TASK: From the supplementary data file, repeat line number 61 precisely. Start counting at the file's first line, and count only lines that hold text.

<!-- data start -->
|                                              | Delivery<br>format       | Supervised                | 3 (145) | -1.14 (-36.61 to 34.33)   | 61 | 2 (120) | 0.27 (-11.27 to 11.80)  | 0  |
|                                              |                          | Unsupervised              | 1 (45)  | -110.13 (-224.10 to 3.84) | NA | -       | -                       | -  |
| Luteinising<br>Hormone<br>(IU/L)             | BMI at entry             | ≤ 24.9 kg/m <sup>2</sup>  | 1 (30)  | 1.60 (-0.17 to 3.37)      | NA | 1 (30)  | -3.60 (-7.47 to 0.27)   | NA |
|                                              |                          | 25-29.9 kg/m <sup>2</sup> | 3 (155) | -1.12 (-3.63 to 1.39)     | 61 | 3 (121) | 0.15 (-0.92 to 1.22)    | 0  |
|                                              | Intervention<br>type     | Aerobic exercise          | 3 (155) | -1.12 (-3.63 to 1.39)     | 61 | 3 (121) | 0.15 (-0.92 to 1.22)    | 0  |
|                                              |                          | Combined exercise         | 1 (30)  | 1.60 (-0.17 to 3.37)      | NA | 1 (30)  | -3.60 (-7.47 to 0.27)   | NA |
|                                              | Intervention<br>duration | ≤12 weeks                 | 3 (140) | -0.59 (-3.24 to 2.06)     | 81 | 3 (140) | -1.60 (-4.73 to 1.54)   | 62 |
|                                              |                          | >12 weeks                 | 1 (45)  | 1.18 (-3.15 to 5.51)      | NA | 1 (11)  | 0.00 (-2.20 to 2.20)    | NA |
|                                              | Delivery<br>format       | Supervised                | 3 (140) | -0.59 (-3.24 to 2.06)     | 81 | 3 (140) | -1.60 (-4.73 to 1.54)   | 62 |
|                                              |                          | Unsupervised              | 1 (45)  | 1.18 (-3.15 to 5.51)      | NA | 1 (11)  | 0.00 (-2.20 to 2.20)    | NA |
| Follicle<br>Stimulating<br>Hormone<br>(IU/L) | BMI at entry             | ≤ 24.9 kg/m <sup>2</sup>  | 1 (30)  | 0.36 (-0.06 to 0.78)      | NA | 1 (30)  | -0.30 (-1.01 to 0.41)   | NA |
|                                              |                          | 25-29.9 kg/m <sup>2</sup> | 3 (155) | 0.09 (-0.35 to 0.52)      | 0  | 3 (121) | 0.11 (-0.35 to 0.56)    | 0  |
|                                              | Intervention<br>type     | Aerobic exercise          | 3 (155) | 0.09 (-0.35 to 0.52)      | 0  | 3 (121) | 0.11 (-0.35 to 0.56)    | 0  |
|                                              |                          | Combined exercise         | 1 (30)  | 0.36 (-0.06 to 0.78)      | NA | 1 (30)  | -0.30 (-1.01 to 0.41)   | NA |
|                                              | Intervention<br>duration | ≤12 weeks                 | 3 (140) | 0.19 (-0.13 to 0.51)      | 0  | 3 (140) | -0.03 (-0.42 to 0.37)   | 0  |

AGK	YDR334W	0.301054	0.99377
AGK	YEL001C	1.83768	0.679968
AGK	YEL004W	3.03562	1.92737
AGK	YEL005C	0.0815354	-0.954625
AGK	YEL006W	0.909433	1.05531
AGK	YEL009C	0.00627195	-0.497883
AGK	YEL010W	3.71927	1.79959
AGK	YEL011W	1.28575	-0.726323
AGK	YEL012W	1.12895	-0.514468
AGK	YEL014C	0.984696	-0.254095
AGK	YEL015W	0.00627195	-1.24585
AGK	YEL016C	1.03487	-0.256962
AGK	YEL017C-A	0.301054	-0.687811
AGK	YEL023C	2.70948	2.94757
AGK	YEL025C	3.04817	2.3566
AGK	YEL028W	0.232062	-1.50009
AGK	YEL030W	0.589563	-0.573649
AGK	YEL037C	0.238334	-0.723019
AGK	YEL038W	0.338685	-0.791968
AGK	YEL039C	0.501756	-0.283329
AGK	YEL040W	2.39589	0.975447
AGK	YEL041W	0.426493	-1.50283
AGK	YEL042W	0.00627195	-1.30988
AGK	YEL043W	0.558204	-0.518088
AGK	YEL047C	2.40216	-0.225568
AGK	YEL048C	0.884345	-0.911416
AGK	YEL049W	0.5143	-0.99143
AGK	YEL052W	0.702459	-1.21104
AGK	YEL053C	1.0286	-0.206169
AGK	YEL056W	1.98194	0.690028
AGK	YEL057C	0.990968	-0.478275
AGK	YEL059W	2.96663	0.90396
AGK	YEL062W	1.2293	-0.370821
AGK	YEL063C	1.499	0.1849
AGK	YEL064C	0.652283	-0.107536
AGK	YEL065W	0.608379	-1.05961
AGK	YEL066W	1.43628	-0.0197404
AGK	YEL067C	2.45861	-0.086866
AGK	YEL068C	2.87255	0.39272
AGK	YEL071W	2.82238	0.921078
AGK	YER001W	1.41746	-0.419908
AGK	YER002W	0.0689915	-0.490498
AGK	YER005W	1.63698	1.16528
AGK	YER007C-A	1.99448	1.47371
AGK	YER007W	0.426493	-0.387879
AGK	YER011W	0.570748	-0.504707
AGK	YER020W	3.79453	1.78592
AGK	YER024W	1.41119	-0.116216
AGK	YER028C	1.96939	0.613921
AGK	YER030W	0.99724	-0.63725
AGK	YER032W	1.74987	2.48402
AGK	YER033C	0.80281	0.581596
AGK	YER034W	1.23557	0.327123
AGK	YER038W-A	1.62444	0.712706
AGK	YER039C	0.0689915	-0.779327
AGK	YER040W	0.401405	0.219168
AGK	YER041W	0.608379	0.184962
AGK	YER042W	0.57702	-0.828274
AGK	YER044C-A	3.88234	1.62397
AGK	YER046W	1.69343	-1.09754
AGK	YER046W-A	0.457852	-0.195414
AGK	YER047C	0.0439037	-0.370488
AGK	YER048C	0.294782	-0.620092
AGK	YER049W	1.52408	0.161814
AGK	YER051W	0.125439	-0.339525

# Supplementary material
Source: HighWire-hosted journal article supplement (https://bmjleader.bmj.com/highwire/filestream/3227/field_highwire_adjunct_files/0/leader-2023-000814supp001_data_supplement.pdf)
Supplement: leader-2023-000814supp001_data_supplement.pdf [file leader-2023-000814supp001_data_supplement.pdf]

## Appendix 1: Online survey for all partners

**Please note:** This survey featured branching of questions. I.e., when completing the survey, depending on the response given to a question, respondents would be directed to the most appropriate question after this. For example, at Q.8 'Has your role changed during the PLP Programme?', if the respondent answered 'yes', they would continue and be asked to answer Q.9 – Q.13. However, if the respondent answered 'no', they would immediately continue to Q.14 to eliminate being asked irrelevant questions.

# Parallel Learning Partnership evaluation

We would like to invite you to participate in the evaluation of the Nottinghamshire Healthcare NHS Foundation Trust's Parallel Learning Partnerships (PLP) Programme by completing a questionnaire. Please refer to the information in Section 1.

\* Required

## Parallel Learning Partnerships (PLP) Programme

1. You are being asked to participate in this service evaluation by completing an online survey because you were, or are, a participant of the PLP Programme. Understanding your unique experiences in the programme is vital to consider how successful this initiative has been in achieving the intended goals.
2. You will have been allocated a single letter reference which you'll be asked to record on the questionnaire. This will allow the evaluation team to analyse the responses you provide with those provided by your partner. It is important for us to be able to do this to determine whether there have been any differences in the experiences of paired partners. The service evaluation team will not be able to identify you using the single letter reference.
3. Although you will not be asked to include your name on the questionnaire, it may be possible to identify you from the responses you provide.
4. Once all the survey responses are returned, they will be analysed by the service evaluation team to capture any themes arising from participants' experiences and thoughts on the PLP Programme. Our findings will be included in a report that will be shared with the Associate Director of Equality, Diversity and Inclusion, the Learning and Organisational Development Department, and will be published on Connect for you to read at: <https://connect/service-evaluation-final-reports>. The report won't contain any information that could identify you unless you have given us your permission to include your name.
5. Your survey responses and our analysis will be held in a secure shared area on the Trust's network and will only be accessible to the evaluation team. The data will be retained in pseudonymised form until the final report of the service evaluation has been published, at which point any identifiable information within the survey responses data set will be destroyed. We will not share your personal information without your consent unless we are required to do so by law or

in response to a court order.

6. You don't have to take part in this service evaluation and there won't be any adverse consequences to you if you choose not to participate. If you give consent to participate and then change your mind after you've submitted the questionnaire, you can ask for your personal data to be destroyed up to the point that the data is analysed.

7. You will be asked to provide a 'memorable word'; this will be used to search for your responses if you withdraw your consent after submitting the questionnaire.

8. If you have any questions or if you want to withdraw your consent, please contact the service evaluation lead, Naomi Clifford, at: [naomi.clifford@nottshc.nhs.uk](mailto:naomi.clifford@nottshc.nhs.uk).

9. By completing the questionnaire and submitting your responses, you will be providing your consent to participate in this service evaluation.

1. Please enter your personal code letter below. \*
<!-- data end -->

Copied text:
AGK	YER011W	0.570748	-0.504707